Buhr GT, White HK. Difficult behaviors in long-term care patients with dementia. J Am Med Dir Assoc. 2006;7(3):180-192.
Dementia is a condition in which individuals progressively lose cognitive function and, as a result, often develop difficult behaviors that cause stress for both patients and their caregivers. These behaviors, collectively known as behavioral and psychological symptoms of dementia (BPSD), include screaming, wandering, resisting care, hitting, and psychological symptoms such as depression, psychosis, and sexual disinhibition . BPSD is prevalent in nursing homes where 67-78 percent of patients have dementia and, of them, 76 percent exhibit BPSD . In fact, it is common for patients to be institutionalized because of BPSD, so clinicians must become proficient in assessing and managing these symptoms.
Buhr and White state that the first critical step in managing BPSD is taking a detailed patient history and physical , which can uncover treatable medical illnesses, such as delirium, urinary tract infection, medication side effects, depression, and changeable environmental factors that contribute to the symptoms. Physicians must also look beyond the history for connections between patient experiences and behavior. The authors provide an example in which an 80-year-old woman with Alzheimer's disease was agitated and yelled at the staff . When asked why she was angry, her answers did not address the question. Over time the staff realized that the patient grimaced and yelled out whenever her knees were manipulated. The lesson of this case was that pain and discomfort are not always reported by a patient and may only manifest behaviorally (e.g., in grimacing). When behavior suggests that pain may be present, though unreported by the patient, regular doses of acetaminophen can be scheduled to alleviate the pain. BPSD may also be exacerbated by auditory or visual misinterpretations and can be lessened by the appropriate use of hearing aids or glasses .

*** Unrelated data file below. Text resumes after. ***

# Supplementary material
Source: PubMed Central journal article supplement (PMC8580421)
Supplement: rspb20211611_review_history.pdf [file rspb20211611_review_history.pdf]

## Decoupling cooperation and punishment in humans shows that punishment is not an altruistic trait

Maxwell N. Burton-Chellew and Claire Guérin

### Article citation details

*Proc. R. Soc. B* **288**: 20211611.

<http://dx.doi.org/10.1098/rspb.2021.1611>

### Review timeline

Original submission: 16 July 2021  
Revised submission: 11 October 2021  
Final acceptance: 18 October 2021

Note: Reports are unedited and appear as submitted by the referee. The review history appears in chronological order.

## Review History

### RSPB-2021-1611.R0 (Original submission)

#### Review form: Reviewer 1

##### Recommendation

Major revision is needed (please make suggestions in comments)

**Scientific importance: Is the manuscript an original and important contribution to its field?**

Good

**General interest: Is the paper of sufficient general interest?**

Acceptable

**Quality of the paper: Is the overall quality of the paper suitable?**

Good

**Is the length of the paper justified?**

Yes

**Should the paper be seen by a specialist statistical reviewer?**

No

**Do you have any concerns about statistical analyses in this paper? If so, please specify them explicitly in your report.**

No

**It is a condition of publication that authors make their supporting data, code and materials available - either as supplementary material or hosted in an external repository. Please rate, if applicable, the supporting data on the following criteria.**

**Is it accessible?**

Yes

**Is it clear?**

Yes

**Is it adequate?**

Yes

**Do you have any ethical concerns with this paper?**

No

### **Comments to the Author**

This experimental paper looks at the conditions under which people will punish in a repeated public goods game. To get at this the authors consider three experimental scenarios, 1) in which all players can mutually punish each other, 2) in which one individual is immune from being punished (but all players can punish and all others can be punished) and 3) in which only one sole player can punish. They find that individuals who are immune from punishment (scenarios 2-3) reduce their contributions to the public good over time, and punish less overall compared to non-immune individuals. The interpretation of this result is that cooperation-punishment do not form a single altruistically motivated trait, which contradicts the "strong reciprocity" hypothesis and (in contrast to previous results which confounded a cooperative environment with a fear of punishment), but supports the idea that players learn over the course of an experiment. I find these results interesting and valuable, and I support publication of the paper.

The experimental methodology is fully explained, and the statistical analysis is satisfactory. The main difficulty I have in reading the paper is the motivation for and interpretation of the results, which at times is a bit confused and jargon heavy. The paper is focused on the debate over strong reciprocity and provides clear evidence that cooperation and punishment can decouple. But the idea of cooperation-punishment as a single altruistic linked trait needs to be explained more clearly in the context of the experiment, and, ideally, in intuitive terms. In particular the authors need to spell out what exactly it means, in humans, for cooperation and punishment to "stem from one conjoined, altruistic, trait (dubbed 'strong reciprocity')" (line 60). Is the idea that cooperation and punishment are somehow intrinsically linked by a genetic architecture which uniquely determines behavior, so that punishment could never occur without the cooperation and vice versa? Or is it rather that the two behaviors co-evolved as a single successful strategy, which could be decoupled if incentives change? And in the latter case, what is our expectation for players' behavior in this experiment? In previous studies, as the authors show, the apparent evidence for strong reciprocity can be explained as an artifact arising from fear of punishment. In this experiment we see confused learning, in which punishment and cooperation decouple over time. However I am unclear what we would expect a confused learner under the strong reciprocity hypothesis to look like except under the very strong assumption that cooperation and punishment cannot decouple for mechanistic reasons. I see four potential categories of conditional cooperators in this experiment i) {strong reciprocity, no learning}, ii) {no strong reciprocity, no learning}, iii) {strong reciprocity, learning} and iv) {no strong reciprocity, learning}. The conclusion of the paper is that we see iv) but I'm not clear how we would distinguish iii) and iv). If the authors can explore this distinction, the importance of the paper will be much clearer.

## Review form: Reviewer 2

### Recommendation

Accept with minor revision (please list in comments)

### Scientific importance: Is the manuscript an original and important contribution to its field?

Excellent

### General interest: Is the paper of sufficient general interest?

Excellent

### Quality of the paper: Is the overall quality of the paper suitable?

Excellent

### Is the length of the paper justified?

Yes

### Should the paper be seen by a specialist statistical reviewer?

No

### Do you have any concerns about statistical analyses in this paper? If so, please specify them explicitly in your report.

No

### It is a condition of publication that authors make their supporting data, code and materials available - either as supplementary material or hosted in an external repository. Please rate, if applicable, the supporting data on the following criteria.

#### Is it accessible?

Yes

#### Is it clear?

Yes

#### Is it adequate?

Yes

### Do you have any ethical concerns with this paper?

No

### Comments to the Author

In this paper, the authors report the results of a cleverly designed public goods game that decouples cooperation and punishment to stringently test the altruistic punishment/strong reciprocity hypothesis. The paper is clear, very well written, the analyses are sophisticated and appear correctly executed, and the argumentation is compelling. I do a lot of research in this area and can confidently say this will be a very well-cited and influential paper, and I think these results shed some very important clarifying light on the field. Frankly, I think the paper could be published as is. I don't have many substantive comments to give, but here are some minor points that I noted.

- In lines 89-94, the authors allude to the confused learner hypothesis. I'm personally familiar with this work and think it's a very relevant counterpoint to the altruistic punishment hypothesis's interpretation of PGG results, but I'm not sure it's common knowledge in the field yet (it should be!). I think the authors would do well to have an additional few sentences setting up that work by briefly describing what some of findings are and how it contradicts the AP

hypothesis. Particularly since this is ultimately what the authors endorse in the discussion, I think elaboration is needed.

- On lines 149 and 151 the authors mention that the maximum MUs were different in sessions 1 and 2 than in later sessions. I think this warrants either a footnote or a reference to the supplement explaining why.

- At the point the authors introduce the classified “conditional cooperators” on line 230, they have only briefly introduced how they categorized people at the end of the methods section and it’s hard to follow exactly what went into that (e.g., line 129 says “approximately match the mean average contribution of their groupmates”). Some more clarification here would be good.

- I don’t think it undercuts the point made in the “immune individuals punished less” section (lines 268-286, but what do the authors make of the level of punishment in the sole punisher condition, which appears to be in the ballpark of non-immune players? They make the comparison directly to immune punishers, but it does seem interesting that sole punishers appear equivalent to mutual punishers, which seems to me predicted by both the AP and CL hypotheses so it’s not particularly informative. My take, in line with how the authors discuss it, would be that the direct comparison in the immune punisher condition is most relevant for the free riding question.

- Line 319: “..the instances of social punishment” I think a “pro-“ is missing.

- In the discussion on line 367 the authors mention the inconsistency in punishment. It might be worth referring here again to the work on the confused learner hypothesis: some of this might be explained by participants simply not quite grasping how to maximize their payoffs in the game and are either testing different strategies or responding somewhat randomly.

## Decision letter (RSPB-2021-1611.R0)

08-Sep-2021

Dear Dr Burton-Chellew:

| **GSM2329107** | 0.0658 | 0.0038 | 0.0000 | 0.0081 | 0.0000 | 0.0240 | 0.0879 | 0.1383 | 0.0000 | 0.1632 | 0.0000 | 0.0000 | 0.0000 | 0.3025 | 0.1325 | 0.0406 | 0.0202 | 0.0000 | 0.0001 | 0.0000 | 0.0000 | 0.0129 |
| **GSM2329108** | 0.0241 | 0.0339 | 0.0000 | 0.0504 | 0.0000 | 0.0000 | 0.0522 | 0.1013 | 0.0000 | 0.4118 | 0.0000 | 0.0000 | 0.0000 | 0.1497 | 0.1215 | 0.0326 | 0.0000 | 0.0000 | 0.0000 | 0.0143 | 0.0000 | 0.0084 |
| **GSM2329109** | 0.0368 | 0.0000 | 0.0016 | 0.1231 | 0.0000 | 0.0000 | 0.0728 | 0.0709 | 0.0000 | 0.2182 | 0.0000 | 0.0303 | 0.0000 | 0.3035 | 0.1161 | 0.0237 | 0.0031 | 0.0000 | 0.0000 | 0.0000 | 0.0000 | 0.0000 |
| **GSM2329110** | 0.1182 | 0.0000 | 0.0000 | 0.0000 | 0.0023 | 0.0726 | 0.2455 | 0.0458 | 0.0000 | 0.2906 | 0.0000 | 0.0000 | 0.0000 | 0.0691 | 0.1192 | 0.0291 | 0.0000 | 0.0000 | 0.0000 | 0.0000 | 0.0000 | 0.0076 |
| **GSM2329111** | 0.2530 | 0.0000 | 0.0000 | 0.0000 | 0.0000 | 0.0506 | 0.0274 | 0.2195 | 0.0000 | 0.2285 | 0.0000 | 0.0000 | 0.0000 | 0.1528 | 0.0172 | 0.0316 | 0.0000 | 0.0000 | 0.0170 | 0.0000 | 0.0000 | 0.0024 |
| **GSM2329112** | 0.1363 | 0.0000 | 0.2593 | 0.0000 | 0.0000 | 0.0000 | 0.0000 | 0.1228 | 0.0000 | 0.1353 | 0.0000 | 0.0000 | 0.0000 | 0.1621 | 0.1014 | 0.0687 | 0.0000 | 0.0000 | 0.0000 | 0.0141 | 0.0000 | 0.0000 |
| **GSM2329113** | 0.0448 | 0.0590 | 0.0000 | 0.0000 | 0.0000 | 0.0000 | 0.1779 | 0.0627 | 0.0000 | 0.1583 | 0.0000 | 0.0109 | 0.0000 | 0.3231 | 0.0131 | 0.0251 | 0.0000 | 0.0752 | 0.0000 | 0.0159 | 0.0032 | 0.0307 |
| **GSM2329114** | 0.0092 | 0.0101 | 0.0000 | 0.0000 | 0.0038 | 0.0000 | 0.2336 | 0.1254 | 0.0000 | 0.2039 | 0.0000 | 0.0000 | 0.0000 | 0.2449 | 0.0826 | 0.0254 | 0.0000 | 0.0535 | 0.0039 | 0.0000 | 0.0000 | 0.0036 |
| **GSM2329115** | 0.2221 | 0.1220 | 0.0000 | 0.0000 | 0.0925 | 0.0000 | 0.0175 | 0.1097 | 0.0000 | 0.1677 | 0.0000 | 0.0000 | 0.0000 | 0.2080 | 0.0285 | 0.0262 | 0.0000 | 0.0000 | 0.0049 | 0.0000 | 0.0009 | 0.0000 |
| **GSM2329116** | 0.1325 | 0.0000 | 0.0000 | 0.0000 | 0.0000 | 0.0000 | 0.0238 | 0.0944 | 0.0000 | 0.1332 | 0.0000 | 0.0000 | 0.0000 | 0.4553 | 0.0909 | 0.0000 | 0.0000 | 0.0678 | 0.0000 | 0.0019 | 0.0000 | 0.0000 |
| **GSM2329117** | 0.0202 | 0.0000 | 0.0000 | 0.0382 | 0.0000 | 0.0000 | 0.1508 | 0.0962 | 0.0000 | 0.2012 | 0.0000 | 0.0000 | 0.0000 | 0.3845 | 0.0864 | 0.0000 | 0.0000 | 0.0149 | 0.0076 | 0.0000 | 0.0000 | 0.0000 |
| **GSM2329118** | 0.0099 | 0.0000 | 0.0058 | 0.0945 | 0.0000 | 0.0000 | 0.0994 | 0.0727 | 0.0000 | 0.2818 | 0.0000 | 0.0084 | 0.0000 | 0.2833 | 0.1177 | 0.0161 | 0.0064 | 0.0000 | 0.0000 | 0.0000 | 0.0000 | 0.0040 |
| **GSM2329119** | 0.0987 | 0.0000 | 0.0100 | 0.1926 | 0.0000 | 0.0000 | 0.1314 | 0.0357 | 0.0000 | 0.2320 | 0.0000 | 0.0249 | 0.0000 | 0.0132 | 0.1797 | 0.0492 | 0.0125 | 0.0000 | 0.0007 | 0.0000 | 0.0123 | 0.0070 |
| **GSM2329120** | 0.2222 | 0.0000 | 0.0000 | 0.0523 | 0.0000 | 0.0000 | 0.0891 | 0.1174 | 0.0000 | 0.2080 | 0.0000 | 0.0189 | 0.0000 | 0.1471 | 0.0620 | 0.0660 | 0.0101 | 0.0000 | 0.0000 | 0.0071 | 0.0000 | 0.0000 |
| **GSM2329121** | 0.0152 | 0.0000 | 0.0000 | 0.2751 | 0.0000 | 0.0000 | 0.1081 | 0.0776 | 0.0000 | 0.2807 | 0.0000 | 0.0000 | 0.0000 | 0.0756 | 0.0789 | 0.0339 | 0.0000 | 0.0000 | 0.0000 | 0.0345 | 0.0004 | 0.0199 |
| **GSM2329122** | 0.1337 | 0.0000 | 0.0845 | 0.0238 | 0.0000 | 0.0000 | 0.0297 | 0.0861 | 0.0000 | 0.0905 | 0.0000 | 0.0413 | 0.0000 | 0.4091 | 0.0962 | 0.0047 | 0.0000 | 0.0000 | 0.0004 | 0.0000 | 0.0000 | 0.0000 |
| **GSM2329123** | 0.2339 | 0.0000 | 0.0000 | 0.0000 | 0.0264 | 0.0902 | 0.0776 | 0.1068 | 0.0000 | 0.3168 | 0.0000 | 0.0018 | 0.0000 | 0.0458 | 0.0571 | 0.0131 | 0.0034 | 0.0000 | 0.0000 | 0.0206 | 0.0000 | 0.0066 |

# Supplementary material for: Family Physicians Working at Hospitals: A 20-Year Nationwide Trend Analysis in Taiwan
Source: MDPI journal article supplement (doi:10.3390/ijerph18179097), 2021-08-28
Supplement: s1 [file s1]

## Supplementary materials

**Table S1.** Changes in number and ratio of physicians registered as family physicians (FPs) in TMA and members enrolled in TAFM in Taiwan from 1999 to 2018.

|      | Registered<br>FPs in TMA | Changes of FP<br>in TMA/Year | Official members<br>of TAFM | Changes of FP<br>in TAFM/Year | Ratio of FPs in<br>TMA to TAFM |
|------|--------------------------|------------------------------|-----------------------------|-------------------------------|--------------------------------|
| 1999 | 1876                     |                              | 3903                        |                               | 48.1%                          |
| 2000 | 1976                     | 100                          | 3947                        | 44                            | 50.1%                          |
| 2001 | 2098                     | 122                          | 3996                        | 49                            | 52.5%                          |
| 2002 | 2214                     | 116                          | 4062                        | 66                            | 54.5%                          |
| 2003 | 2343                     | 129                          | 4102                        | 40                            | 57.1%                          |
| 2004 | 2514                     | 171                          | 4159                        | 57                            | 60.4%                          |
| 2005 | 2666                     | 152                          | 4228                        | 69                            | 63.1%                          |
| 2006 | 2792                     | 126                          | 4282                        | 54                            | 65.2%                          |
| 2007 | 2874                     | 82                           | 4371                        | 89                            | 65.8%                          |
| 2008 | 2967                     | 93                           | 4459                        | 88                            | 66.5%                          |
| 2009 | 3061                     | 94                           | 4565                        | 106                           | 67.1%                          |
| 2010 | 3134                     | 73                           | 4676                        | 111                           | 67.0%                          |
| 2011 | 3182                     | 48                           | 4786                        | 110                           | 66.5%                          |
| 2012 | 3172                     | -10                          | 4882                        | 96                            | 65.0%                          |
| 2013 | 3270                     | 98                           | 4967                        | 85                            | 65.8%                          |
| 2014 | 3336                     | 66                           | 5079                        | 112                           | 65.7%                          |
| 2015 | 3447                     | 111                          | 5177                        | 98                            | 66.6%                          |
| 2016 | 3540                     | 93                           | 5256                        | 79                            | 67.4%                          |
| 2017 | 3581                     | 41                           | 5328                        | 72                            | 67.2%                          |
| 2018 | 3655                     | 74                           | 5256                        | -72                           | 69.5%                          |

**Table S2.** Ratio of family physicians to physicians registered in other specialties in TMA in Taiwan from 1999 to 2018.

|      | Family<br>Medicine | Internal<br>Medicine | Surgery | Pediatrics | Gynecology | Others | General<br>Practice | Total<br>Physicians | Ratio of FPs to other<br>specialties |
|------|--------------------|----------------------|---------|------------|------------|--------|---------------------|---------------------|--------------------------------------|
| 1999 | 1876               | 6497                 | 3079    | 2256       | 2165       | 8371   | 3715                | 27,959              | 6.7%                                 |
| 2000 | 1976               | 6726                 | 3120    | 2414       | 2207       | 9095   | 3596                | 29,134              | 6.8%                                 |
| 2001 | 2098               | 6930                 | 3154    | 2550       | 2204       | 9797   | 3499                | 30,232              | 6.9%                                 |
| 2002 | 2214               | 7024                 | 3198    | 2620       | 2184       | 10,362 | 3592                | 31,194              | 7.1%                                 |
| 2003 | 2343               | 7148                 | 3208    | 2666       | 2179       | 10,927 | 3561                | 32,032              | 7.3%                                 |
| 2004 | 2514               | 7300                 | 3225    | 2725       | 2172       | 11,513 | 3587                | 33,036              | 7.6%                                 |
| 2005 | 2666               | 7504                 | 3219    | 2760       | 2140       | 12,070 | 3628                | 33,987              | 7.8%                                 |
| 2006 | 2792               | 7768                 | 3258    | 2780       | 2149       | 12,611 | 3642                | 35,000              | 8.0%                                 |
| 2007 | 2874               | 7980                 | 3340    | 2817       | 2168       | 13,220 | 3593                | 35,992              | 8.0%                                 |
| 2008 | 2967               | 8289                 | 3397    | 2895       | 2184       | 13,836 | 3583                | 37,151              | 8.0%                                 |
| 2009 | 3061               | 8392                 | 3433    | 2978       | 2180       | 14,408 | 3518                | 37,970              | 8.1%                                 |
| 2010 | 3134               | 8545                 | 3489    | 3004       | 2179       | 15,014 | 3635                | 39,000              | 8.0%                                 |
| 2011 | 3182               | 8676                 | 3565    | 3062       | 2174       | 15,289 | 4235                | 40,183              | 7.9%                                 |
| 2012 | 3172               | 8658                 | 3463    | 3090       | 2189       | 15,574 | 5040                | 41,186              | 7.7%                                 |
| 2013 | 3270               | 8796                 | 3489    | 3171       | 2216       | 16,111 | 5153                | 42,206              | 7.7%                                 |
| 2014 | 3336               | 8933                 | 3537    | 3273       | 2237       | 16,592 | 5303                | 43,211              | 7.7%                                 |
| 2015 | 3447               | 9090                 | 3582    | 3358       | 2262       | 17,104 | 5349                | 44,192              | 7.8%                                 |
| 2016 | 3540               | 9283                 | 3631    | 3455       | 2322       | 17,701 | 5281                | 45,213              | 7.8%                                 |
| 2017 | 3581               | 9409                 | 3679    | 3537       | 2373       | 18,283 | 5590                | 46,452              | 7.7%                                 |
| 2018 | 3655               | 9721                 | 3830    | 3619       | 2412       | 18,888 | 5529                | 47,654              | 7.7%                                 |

In attempting to identify patterns or triggers of BPSD, physicians should ask that detailed records be kept of the frequency, duration, intensity, time of day, and antecedents . Examples of BPSD-associated patterns are over- and understimulation; an environment that lacks activity can cause a patient to be lethargic, whereas an environment with too much activity (such as noise) may trigger BPSD. Medications, caregivers, or even hunger can also be triggers .
Buhr and White state that treatment should begin with nonpharmacological approaches . They cite five care goals for the patient with dementia: "to feel safe, to feel comfortable, to experience a sense of control, to experience minimal stress with adequate positive stimulation, and to experience pleasure" [2, 4].